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      logfmt is great! Splunk has amazing searching for logfmt values too. You can get the request ID from a customer’s issues and then instantly go around and search for it, seeing the entire distribution of everything across the entire cluster. It’s great to see more people discover it.

      @apg I made a simple logging package in Go called ln for doing this with full context-awareness. You can stuff key->value pairs in contexts as well as make any other data type feed out key->value pairs. The heart of this library is my favorite Go function I’ve ever written:

      // F makes F an Fer
      func (f F) F() F {
        return f
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        Can you explain that function? I’m not sure how to read it.

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          It’s an identity method, kind of like

          public class Class {
              public Class Class() {
                  return this;

          in Java (if that’s even valid Java), unless I’m missing something.

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            But it takes no parameters somehow? Just type parameters? Or am I still misreading the Go?

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              A method in Go “implicitly”/“forcefully” takes a parameter (the (f F)), which is like the this in Java.

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          Here’s an analogy. Let’s say you have an interface for temperature. The interface specifies a getCelsius() method. Let’s say you have a temperature in celsius. How do you implement the interface? By just returning yourself.

          Celsius getCelsius() {
              return this;
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        Of course, the whole reason the interface was called F is because logrus used Fields which was overly verbose. I wanted something easy to type. It had an interesting property, though, that you’re often logging because of an F’in failure, so it was perfect.

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        Isn’t that just an identity function for a constructor, like __new__(cls, item): if isinstance(item, cls) return item?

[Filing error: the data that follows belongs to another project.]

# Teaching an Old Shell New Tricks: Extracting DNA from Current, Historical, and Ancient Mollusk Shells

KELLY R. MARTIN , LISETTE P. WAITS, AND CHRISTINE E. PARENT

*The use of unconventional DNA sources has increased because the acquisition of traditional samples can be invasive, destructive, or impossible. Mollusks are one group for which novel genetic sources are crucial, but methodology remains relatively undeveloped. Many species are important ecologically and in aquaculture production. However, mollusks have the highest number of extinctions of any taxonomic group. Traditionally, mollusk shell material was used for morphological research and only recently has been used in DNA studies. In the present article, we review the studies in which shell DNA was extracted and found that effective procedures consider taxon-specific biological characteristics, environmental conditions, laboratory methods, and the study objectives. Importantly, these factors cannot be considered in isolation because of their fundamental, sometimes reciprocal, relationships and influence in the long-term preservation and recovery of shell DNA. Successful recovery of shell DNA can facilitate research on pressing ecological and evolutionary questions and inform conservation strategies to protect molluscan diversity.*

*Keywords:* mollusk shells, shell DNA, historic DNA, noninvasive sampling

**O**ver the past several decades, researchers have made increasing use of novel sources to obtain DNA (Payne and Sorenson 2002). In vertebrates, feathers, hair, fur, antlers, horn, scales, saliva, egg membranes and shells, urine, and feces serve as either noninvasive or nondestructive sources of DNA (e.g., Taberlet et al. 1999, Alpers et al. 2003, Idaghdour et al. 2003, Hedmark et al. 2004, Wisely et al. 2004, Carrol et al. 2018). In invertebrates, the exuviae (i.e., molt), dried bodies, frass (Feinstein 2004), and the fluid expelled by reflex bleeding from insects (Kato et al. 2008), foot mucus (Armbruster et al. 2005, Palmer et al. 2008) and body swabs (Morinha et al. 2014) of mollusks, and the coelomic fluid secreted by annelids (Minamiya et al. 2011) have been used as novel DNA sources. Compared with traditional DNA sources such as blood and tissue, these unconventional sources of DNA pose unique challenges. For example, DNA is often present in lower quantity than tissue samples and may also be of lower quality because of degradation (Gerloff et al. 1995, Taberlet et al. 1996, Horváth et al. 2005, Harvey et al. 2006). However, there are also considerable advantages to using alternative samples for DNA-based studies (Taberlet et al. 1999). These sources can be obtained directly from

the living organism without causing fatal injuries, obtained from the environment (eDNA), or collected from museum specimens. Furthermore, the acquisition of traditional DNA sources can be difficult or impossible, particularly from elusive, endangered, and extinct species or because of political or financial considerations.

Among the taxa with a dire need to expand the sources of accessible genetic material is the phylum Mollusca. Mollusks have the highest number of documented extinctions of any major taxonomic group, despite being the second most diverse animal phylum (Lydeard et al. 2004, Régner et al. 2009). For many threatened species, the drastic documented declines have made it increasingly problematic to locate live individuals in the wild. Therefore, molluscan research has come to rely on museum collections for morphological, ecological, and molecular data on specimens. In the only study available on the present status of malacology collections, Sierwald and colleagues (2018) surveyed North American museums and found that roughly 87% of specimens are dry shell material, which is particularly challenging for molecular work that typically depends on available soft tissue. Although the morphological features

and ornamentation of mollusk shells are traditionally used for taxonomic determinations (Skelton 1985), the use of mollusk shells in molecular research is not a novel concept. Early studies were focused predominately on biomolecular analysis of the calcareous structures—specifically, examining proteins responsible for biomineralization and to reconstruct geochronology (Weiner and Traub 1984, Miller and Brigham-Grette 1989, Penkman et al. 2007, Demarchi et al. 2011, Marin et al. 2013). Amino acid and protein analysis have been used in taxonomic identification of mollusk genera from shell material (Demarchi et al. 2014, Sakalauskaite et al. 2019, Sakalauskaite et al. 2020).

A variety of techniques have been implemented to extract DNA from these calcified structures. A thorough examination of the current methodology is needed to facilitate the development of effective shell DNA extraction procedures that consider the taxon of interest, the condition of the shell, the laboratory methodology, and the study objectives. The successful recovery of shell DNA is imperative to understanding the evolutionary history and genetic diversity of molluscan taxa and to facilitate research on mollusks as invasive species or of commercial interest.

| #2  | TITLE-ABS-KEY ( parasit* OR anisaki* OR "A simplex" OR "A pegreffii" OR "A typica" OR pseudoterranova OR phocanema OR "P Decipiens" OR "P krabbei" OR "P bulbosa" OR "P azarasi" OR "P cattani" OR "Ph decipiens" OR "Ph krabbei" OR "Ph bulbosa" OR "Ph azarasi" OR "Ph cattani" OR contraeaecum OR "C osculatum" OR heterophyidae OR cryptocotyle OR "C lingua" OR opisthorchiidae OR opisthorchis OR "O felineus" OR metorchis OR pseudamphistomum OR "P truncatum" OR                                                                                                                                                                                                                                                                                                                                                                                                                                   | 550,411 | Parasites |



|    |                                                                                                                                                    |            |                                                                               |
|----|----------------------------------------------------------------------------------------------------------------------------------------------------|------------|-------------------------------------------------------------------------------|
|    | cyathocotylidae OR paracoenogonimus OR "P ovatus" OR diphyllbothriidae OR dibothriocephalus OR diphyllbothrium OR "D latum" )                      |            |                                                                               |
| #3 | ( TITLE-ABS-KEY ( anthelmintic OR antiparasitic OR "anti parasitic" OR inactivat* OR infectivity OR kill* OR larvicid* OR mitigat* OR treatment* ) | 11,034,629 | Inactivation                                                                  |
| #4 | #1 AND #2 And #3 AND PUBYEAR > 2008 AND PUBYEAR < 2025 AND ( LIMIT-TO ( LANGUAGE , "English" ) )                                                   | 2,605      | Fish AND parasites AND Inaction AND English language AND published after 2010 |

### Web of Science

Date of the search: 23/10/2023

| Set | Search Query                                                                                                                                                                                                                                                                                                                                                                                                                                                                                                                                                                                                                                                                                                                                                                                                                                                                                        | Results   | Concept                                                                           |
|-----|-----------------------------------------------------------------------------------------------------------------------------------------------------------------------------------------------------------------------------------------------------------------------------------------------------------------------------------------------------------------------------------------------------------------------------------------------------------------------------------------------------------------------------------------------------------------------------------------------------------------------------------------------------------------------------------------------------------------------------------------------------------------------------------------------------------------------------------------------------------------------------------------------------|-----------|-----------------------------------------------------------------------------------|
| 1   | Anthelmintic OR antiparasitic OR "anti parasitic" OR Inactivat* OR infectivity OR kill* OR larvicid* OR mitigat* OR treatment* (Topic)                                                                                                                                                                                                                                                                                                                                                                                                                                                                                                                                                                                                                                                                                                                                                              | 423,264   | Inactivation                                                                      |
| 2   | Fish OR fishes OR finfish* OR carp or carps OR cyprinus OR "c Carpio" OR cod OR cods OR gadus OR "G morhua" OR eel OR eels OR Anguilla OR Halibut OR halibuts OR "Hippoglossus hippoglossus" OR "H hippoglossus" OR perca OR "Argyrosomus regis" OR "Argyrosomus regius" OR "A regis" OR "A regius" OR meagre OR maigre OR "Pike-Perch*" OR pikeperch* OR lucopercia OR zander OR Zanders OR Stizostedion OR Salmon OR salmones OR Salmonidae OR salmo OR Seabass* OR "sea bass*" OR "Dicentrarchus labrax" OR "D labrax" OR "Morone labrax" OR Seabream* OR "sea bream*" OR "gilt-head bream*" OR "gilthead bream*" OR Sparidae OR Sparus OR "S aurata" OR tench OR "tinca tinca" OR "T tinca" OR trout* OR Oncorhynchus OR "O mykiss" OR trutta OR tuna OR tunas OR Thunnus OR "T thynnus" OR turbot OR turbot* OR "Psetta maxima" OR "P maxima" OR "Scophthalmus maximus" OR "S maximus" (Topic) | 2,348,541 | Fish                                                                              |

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      After trying logfmt at my current job, we actually ended up giving up and moving back to json logging. Writing logfmt logs is supported fairly well, but parsing it is not. When we tried a year ago SumoLogic doesn’t have a good way of parsing logs formatted like this and it’s particularly challenging to approximate something using a regex because fields can be quoted or not (and quotes can be escaped).

      On the other hand, json works out of the box and is fairly standard. We lose some of the human readability, but as we’re using python it’s fairly trivial to simply use a different log formatter.

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        That’s a bit sad, it seems to me it’d be quite easy to write a parser for this format by hand. Not with a single regex, but really, the delimiters are =, , and ", right? Tokenizing and unquoting strings doesn’t seem infeasible. Of course if all you have is a custom regex in a tool, yes, that’s a pity.

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          It definitely would be fairly easy to write a parser by hand. Unfortunately (and with good reason) you can’t do this with most hosted logging platforms. So we went with the least common denominator so it should work everywhere. I generally prefer interoperability anyway.

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      We decided to embrace our inner neckbeard and claim that syslog has worked for for that last 40 years, so it’s probably ok for another 10. In a nutshell we add JSON structure to our logging by just adding it at the end of the log text. Here’s an example of how that might look:

      <142>1 2019-03-18T13:12:27.000+00:00 my-host fumar \
                   1.2.3 - [fumar@53595 apiKey="secret stuffz" env="development"] \
                   Hello world! {"recordingId":"abc123","userId":"martin",\
                   "sessionId":"my session","data":{"stuff":42}}

      The first level of keys in the JSON object is something we internally call “well known” fields recordingId, userId and sessionId are al indexed in our log db. data is a free form field, also somewhat searchable, not indexed, but it can have any shape that is useful to the event.

      The advantage of this approach is that any “standard” of the shelf software that talks syslog, can be slotted into our logging infra without translation.

      We do support apiKey and some other “tags”, but this is not really security, but rather a mechanism we could use in case of DDOS attacks or similar.

      Our log collection paths are roughly.

      • => http-to-syslog-service => AWS kinesis => log-ingester => logdb
      • => AWS kinesis => log-ingester => logdb

      AWS kinesis means we can spike in input without dropping anything. The log ingester parses and prepares stuff for the indexing in logdb.

      Then we have bespoke UI and CLI tools to query this in realtime. I can just write lq -B10m -a myapp -f to get the last 10m of input to myapp and “follow”. Seriously. After a long spell of using external log collection providers, having bespoke logging funnel and tools tailored to your needs is amazing.

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      I think Avro with a pubsub system like Kafka has much better coherence.

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        That sounds very heavy-handed. Why avro and not protobuf, for a start? And can you use angle-grinder to parse the logs afterwards?

        Logs can also be a thing that exists on one machine, with syslog or journald.